And so, once again random ‘80s music plays out for no apparent reason except to make people to cheer.
The film is, once again, a chaotic mishmash of absurd irreverence, slapstick, cartoony characterisations, CGI-heavy and relentless action mixed in with emotional beats too.
Waititi’s ability to switch from farce to drama had proven to be a winning card with his Oscar-winning JoJo Rabbit, but I have to say I found the mix here a little bit more jarring, probably because of the pace required by these sort of films is by nature a lot faster, hence there is never enough time to take a moment to reflect on the emotional impact of some of what we are witnessing.
I have to be honest, despite the joyous atmosphere around me, when watching this, most of the irreverence seemed to wash over me. I found the jokes fairly cheap, rather predictable and, let’s face it, a bit puerile. Most of them hardly raised a smile on my face but most importantly I felt they completely undermined the emotional core of the story itself.
I mean, we actually have a character who has cancer here, whose life is being drained out even faster by choosing to be a superhero. We also have a baddie whose daughter dies in his arms and is now looking for some sort of revenge by kidnapping other children (or at least I think that was his motivation… not too sure about that).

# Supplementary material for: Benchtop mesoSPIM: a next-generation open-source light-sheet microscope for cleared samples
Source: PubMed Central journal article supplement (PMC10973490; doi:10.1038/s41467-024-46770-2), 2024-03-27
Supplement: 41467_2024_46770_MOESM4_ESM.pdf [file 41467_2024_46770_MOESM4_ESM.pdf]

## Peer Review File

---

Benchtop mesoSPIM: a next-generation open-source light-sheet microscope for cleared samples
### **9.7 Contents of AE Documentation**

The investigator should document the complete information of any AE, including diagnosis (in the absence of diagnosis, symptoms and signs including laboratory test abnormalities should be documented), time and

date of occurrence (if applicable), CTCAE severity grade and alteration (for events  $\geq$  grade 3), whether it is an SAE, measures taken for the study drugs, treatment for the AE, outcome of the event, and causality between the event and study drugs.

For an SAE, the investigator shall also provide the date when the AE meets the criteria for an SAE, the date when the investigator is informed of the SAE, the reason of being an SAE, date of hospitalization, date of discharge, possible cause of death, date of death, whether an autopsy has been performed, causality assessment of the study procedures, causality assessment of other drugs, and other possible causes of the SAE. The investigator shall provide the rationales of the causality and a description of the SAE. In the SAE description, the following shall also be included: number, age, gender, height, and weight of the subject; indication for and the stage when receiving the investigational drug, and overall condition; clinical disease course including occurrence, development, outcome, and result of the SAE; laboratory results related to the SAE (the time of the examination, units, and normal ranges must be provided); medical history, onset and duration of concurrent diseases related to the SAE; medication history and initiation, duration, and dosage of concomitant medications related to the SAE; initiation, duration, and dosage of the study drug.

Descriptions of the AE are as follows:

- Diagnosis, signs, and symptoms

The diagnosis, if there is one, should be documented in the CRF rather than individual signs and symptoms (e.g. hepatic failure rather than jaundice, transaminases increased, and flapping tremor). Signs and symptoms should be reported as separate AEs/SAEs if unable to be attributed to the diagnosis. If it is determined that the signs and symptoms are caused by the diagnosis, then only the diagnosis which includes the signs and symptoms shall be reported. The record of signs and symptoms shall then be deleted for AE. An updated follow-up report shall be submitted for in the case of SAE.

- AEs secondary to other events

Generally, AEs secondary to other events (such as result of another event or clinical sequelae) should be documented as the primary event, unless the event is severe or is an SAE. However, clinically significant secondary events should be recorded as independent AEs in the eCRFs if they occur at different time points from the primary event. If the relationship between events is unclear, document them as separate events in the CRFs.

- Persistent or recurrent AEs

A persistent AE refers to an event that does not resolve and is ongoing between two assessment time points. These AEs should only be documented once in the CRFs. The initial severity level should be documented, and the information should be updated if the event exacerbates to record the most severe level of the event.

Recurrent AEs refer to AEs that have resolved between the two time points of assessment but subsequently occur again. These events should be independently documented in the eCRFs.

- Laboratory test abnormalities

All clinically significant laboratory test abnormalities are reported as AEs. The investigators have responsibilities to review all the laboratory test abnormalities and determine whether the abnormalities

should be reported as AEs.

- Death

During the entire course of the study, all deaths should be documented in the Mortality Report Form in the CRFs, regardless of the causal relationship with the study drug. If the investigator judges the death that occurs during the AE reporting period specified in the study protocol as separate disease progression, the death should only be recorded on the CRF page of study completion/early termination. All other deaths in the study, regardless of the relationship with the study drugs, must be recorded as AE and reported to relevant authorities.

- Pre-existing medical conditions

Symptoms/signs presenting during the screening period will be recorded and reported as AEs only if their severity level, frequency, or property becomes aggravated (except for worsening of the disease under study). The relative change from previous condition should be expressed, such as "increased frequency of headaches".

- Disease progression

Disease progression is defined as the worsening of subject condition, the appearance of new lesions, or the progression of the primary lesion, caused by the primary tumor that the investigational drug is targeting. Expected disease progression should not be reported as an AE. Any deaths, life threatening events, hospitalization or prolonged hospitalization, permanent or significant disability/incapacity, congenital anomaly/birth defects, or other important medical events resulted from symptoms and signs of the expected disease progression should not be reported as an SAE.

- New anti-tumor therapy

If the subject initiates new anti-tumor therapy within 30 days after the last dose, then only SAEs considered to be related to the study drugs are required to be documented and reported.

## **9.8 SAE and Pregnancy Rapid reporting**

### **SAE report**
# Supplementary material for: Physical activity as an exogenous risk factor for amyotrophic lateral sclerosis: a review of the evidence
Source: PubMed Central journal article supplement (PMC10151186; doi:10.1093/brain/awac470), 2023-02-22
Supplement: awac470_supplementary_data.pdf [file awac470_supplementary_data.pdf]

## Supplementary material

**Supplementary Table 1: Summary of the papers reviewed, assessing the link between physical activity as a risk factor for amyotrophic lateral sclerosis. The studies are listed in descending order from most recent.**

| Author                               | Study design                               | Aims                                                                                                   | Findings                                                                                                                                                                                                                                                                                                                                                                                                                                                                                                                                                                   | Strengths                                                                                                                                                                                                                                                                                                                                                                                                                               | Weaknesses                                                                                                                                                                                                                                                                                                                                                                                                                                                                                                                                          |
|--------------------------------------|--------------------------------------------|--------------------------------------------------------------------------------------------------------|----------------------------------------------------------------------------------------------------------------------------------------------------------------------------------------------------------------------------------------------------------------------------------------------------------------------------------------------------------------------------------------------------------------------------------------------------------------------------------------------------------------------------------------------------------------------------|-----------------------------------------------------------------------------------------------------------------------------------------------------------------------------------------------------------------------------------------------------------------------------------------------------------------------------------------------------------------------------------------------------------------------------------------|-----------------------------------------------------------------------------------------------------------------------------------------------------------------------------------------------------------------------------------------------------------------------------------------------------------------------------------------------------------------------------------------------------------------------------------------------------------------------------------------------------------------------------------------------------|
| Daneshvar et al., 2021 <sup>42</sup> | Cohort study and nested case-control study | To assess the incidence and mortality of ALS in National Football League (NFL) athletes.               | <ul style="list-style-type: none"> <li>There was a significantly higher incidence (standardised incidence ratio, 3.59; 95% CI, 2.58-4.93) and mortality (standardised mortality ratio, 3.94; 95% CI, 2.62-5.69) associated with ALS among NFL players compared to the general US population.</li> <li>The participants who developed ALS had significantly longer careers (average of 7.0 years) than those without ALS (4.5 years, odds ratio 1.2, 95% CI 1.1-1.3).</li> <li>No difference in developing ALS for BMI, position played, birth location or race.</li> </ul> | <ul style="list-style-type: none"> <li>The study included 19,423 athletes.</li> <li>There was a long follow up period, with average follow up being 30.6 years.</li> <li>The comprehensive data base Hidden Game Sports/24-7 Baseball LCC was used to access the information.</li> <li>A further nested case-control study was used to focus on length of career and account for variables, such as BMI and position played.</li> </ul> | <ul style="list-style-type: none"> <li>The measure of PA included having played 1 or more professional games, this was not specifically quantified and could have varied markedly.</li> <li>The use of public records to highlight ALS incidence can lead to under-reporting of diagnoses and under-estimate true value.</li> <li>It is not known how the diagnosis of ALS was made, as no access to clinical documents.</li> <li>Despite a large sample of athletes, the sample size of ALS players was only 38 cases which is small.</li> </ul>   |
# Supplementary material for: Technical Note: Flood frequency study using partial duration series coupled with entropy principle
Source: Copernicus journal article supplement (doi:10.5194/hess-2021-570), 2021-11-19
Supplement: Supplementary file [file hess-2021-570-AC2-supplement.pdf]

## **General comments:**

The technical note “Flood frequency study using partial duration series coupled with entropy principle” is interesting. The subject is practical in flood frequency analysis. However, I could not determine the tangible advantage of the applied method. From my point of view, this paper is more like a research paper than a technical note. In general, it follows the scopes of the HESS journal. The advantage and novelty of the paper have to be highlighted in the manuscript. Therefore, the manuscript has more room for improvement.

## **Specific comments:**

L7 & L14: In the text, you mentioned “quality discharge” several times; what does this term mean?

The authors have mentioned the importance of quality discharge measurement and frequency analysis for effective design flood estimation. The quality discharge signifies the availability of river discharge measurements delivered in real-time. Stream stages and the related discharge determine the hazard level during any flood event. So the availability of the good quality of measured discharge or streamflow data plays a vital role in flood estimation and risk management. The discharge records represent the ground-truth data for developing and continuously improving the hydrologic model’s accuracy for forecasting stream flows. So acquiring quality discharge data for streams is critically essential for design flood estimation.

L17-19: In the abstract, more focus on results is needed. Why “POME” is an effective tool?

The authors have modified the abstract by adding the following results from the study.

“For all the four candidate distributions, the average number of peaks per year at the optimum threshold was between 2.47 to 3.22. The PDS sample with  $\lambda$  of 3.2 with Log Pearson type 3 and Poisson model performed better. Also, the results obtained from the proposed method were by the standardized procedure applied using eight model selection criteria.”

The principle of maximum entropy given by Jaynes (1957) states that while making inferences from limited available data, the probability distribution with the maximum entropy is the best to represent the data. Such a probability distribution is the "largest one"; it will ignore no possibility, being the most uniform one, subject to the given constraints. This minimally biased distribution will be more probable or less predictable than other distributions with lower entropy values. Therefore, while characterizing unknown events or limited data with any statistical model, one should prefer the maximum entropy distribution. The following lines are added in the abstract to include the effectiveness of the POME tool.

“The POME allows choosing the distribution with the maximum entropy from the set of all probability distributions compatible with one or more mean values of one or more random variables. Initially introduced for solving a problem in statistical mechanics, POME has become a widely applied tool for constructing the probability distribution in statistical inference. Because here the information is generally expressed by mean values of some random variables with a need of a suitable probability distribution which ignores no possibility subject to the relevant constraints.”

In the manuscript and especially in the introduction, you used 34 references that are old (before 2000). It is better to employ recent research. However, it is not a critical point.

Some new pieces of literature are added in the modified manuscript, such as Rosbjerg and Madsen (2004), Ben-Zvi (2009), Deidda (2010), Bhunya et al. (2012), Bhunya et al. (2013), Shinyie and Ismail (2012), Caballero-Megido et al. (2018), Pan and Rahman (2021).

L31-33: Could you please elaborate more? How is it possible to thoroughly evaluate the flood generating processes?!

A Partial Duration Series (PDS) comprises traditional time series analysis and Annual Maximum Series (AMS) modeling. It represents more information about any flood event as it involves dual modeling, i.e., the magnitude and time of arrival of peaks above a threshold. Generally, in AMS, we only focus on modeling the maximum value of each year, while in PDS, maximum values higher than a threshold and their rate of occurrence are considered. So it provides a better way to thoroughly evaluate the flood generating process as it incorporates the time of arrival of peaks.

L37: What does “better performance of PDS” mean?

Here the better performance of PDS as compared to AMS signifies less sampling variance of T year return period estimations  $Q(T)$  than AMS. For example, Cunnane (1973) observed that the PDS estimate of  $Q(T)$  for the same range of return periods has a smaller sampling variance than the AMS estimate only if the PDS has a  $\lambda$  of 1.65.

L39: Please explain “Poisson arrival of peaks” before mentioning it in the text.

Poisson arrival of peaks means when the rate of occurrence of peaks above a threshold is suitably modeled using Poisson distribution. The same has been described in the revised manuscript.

I mean, if that isn’t recipe for high drama, what is? And yet, we seem to rush through all of that, as if the script was more a bullet point document than an actual written-down story, more concerned about hitting all the bits and throwing in a couple of cheap jokes in the process.
There’s a danger about making everything, including (and especially) your hero and your antagonist looking more and more like a parodies of themselves. It diminishes their characters, it cheapens them and it makes the stakes feel less threatening and less important.